3. Prepare for a rainy day
We’ve all heard romanticised stories of people starting businesses in their garden sheds. These rags-to-riches stories are something many budding business owners aspire to create.
Quick Tip: During the first year in business, people rarely talk about the thing- that don’t turn out as expected! Watch out for these 5 unexpected things when launching your business.
Most of the time, reality is a little more messier than this. To get up-and-running, it’s likely you’ll need some capital to get started. Below are some recommendations on how to use your money to grow in the smartest way:
Have a runway fund
It’s useful to have a ‘rainy day’ pot of savings to last you at least 6 months without any income. It can take longer than you imagine to get your first customers! Ideally, you’d have this fund saved up before you quit your day job.
Cash flow can be tricky in Y1. Think about ways you could save money when funds are low. Even the simplest things can help. Could you work from home and cafes or choose a flexible co-working space instead of leasing an office?
Could you use public transport for your business travel instead of taking Ubers? Bring in a packed lunch twice a week instead of eating out?
Use proven time management principles
Between meetings, planning, managing budgets and executing on your work, being an entrepreneur takes a huge amount of dedication. Make these tasks easier to manage by setting up a calendar system.
Reduce distractions by batching common tasks at the same time each day. Check your email the same time/s everyday, prioritise your most important tasks and create clear boundaries between your work and personal life.
Be honest with friends and family
Speaking of boundaries, it’s important to make these clear with those closest to you. Let them know that you’ll be making sacrifices to go all-in on your venture and achieve your goals. Reassure them you have contingency plans in place if you run into hurdles along the way.
For example, the day after Stephen launched Tress Clothing, his first child was born. He’s had to juggle being a father to a newborn daughter with being the father of a newly-founded business.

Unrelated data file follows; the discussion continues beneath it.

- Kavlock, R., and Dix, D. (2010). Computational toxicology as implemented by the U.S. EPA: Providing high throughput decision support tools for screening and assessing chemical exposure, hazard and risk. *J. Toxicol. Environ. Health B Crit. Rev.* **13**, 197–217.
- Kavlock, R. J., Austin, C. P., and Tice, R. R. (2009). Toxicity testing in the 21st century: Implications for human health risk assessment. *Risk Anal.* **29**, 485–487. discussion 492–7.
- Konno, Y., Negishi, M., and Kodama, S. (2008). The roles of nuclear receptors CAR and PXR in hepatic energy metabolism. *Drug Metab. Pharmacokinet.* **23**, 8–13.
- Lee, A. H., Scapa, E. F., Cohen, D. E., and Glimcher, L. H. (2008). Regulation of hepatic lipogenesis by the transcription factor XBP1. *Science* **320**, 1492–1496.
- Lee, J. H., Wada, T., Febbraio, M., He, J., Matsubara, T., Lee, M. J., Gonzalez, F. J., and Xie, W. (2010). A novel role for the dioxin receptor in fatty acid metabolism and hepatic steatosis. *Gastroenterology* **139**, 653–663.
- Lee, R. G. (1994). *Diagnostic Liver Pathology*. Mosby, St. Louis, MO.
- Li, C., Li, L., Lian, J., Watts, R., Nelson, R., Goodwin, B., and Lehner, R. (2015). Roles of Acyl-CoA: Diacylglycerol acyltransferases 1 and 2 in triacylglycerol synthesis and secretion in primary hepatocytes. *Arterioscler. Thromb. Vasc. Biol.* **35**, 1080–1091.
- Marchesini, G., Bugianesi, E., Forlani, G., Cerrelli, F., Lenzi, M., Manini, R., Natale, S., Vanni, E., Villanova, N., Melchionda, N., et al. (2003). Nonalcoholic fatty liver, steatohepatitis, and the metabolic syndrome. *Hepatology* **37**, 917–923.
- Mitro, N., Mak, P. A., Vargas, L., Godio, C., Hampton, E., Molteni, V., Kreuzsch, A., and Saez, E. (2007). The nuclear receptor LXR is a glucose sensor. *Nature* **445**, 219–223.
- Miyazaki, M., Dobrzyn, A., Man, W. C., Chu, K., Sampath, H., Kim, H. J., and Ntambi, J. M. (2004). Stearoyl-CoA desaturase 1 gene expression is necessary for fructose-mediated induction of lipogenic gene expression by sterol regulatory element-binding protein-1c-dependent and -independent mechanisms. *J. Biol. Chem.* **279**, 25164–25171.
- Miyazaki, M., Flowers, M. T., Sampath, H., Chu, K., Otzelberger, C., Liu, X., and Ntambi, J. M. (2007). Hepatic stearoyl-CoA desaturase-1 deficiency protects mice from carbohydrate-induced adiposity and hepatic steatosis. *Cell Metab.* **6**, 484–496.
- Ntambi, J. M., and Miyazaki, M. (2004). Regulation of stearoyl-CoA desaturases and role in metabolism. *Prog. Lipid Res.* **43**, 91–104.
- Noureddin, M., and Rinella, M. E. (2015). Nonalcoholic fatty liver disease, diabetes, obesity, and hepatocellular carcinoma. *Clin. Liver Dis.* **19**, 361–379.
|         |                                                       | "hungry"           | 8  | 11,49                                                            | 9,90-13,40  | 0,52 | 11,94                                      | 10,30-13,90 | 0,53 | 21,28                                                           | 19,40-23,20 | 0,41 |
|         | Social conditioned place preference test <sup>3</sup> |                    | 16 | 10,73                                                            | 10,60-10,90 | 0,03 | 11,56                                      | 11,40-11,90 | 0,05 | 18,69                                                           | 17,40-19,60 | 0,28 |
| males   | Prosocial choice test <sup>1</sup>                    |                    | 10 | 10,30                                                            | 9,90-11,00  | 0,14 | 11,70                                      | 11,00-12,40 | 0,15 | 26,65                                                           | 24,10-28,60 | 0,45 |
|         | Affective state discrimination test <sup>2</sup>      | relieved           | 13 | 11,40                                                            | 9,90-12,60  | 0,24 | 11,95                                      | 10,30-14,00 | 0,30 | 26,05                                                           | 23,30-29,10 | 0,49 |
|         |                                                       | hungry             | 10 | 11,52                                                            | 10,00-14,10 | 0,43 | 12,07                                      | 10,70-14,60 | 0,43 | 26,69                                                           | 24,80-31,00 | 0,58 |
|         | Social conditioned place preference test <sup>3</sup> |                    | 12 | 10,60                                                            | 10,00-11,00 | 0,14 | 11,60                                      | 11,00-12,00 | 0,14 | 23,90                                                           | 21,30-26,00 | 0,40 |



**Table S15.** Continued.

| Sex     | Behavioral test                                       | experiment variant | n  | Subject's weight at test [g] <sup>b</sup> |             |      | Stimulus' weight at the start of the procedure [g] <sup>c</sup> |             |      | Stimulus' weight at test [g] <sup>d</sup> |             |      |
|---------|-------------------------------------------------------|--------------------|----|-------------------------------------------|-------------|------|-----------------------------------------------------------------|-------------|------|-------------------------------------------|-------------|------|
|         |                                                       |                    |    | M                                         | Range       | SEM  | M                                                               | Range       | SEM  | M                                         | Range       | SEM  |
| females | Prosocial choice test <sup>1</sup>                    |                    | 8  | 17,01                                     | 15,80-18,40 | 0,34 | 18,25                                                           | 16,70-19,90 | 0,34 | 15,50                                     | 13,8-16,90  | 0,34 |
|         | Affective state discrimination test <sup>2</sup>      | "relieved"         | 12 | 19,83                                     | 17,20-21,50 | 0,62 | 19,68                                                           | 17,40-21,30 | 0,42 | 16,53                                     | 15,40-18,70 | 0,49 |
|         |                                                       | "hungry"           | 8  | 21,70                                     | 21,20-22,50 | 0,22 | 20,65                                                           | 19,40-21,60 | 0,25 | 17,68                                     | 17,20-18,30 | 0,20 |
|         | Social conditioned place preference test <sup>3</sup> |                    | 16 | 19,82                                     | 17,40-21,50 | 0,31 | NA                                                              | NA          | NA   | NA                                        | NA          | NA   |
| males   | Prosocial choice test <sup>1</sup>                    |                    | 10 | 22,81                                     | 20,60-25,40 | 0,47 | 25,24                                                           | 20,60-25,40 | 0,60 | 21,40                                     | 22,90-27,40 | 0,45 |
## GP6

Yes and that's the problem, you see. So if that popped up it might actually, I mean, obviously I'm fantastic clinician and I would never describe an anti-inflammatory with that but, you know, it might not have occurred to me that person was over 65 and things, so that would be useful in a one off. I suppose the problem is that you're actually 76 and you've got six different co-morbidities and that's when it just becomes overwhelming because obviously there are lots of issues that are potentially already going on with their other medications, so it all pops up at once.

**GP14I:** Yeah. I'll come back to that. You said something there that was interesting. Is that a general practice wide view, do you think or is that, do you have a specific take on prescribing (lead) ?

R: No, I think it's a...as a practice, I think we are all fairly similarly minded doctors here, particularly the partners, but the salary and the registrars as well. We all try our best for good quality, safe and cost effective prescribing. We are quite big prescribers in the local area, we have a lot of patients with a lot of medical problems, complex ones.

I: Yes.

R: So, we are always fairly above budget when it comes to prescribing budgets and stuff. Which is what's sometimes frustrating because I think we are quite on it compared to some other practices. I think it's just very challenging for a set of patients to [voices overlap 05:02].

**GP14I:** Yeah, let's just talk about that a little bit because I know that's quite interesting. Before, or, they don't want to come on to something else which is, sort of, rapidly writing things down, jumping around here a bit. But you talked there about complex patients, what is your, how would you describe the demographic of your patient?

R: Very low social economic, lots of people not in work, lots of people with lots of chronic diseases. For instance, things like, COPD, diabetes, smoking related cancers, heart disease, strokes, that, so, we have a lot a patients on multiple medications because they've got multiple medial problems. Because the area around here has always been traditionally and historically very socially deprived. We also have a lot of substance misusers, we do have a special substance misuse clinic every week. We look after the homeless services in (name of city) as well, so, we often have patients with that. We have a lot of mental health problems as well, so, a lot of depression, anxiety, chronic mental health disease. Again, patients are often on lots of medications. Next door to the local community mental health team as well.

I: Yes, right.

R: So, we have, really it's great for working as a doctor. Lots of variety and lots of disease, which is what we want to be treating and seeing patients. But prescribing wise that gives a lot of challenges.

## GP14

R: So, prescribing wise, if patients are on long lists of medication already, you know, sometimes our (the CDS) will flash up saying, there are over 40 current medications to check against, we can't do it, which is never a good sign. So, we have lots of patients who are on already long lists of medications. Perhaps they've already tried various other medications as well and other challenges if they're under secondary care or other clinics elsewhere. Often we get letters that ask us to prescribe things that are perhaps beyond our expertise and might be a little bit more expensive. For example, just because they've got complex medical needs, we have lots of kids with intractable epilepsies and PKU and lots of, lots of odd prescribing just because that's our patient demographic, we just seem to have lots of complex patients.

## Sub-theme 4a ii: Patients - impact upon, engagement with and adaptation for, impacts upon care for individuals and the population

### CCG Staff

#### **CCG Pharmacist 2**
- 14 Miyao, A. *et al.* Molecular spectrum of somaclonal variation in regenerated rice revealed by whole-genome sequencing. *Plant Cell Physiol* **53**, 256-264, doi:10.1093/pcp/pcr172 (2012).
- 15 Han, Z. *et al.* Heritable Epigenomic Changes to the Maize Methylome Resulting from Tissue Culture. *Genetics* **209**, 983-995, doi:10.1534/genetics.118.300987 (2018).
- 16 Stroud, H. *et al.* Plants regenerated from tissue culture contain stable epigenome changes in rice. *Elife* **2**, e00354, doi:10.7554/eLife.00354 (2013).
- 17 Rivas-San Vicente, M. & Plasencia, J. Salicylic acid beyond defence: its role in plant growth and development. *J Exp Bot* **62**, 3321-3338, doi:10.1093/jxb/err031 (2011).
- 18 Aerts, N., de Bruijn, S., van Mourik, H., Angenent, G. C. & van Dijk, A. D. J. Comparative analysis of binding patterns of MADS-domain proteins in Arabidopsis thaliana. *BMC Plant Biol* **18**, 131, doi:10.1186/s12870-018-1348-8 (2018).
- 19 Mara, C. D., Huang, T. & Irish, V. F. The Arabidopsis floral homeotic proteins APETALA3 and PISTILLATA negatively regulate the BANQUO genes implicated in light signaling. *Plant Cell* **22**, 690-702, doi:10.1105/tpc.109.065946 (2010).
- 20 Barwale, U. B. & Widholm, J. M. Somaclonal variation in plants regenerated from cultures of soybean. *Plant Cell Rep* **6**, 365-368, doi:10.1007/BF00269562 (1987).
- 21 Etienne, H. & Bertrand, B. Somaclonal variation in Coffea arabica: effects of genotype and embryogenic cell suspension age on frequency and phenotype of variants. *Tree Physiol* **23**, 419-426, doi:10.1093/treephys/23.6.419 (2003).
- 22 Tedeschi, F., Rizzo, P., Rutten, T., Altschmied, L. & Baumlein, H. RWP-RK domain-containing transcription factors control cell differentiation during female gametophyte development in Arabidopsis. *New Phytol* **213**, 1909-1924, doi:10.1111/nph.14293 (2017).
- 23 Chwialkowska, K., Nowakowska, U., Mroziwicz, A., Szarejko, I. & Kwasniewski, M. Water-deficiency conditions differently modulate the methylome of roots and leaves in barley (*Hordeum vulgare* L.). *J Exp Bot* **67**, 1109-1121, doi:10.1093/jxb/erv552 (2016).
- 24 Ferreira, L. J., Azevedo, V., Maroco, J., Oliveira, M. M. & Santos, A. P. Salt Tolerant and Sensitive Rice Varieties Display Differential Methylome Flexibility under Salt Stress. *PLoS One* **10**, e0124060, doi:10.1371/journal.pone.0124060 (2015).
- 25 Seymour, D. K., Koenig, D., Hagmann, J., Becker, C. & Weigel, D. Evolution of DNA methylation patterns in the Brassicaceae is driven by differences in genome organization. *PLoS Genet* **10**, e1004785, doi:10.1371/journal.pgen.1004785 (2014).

“Being an entrepreneur is brutal,” says Stephen. “I’d be lying if I said I was able to emotionally shut myself off, and then come home and be the most cheerful and jumpy partner and dad. I’d be lying, because that’s how much the brand means to me.” – Stephen Skeete, founder Tress Clothing
4. Get your accounting in order
Once you have your business plan in order, it’s time to focus on your numbers.
You should be able to answer questions such as:
- Will I need to buy stock/inventory?
- How much inventory should I keep?
- Will I have employees to pay?
- How long does it take to get payment from clients?
As a new business owner, you should establish a system for organising your receipts and records. Tide allows you to add comments and photos to transactions (for example, a photo of a receipt) to help you keep track of your expenses. Moreover, Tide’s accounting integrations allow you to automatically upload transactions into your accounting software.
Make sure to keep track of your overall balance, your income and your expenses. This will allow you to minimise risks and know where you’re headed.
It will serve you well to back up your business vision with numbers, especially when it comes to your finances.
Here is a quick accounting cheat sheet to get you up and running as quickly as possible:
1. Track your expenses
An expense is any amount spent or cost incurred in your efforts to generate revenue. In other words, it’s your cost of doing business.
Business expenses (i.e money spent on the running costs of a business) can be subtracted from a company’s income before it’s subject to taxation. You should keep an eye on your subtractable business expenses in order to avoid overpaying on your taxes.
2. Set up an invoicing system
An invoice is a document sent by the provider of a service or product to the purchaser. The invoice works as a verification of the agreement between buyer and seller, establishing an obligation to pay on the part of the purchaser.
3. Set up a bookkeeping or accounting system
Bookkeeping is the process of recording financial transactions whereas accounting is the process of interpreting, classifying, analysing and summarising this financial data. Bookkeeping is the first part and the foundation of accounting.